With this in mind, I would strongly suggest you read the entire article, even if you are an average amateur, just to refresh yourself on the mental side of photography. I’ve never written an article on my thoughts while taking pictures, but I think it’s great because it’s not like your everyday photography tip article.
So read on for a few secrets along with a few photos of course.
Learn to see creatively
The best way to learn to see creatively is to take more pictures. The reason is that the more pictures you take and the more time you spend on your photography, the more you start to see things that you would normally never see. A true photographer, or artist’s eye, sees shapes, patterns, light, and color while walking down the ally or down the street. For example, imagine I took a picture of a railroad track at night in a big city:
I see a good picture because of 1) the light reflecting off the metal 2) the color contrast between the wood and the metal 3) the strong diagonal lines of the track leading from edge to edge. Before I learned how to see creatively, I probably walked over those railroad tracks a million times and never looked the way I do now. All these things added together to make a great picture for the eye. That’s good and all, but, the photo is missing a strong message. It doesn’t convey a strong enough feeling/emotion when one sees the picture. To get it, you must:
moment in mind
If the following makes any sense, I believe everyone has the ability to see creatively in their own personal way. Seeing creatively, in my opinion, is about freeing your mind and getting in touch with your feelings. These feelings drive powerful photographs. And if you can connect your brain, eyes, and camera with your feelings, you’ve just opened a door to the potential for you to become a great photographer.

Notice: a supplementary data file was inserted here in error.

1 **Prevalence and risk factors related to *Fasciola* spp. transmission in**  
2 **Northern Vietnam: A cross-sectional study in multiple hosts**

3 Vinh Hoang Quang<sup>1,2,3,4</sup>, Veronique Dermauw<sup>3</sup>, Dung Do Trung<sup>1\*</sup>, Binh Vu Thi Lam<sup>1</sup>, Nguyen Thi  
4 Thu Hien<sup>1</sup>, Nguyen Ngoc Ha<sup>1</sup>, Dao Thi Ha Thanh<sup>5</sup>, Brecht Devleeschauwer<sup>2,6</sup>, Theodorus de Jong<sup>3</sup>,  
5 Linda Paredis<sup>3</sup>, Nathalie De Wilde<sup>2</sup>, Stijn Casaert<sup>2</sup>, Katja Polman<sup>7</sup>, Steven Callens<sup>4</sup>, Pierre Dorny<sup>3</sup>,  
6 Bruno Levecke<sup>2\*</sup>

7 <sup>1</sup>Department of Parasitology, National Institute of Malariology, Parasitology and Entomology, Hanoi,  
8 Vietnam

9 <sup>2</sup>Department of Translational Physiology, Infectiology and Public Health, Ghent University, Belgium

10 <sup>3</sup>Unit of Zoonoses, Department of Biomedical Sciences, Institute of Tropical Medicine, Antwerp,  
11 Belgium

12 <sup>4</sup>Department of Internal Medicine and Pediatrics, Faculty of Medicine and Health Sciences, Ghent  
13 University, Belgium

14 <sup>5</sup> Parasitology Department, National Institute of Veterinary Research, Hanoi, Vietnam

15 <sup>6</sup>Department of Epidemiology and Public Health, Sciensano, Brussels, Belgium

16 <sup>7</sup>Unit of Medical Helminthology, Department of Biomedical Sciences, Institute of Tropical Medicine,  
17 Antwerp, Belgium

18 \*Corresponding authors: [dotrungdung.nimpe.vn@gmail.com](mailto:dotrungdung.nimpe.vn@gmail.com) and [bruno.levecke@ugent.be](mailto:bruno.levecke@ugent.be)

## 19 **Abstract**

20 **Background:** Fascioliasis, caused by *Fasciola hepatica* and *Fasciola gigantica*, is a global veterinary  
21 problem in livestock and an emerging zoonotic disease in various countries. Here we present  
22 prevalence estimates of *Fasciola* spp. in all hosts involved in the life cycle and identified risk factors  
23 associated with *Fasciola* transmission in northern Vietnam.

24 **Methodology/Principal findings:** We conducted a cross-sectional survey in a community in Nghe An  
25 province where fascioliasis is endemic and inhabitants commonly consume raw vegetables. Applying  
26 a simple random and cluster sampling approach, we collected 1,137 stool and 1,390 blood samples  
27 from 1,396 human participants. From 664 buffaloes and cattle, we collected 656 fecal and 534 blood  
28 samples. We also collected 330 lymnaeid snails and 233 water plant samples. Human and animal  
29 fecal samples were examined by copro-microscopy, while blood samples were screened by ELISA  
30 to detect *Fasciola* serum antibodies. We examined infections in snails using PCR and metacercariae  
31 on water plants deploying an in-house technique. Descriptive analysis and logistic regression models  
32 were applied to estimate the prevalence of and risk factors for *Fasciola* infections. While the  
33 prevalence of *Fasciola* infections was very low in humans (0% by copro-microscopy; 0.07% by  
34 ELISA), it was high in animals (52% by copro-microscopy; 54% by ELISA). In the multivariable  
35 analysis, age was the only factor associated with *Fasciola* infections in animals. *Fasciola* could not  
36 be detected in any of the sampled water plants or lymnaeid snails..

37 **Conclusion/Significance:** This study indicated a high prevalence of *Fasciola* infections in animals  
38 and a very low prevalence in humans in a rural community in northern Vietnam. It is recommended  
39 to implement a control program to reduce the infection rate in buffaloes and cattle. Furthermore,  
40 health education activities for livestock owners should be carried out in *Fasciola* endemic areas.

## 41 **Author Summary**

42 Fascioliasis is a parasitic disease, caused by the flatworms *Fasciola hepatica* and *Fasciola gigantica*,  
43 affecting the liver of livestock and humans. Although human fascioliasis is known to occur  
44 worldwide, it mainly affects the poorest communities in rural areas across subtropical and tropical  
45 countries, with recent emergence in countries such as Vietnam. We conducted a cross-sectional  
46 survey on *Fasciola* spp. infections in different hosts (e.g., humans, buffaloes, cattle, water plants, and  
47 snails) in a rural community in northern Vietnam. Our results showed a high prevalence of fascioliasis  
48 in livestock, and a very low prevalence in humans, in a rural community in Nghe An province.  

You want people to experience your photos; To get a strong emotional response because it’s all about feeling, impact, and structural composition of an image. There are a few key steps to improve the feel and impact of your photos, turning them into memorable masterpieces It’s definitely not as easy as you think and definitely not something you can learn in a few hours or a few days. This can take weeks, months, and sometimes years. How much time and dedication you put into taking photos and learning photography is up to you. When you’re out shooting and see something you want to photograph, stop and ask yourself these three questions:
Why do I want to take this picture?
What is the main message of the picture?
How am I going to take pictures effectively?
Keep asking yourself these three questions before you press the shutter and, I promise you, your photos will improve. Let me explain the question in more detail:
The question “Why do I want to take this picture” forces you to explain your feelings. You stopped taking pictures because you “felt” it might be a good picture. But why? Did it happen because the light was good? Did something extraordinary happen there? The more you ask yourself why and the more you answer why the more you begin to feel the moment and see creatively. Remember, it’s about feeling and communicating that feeling to the audience.
So now that you know why you want to take the photo, you need to ask yourself, “What is the main message of the photo?” This question will further refine the first question, helping you determine the real subject whether it is a delicate shape and color or a person whose face tells the story of a life-long journey of struggle. Whatever it is, it prepares you for the next question: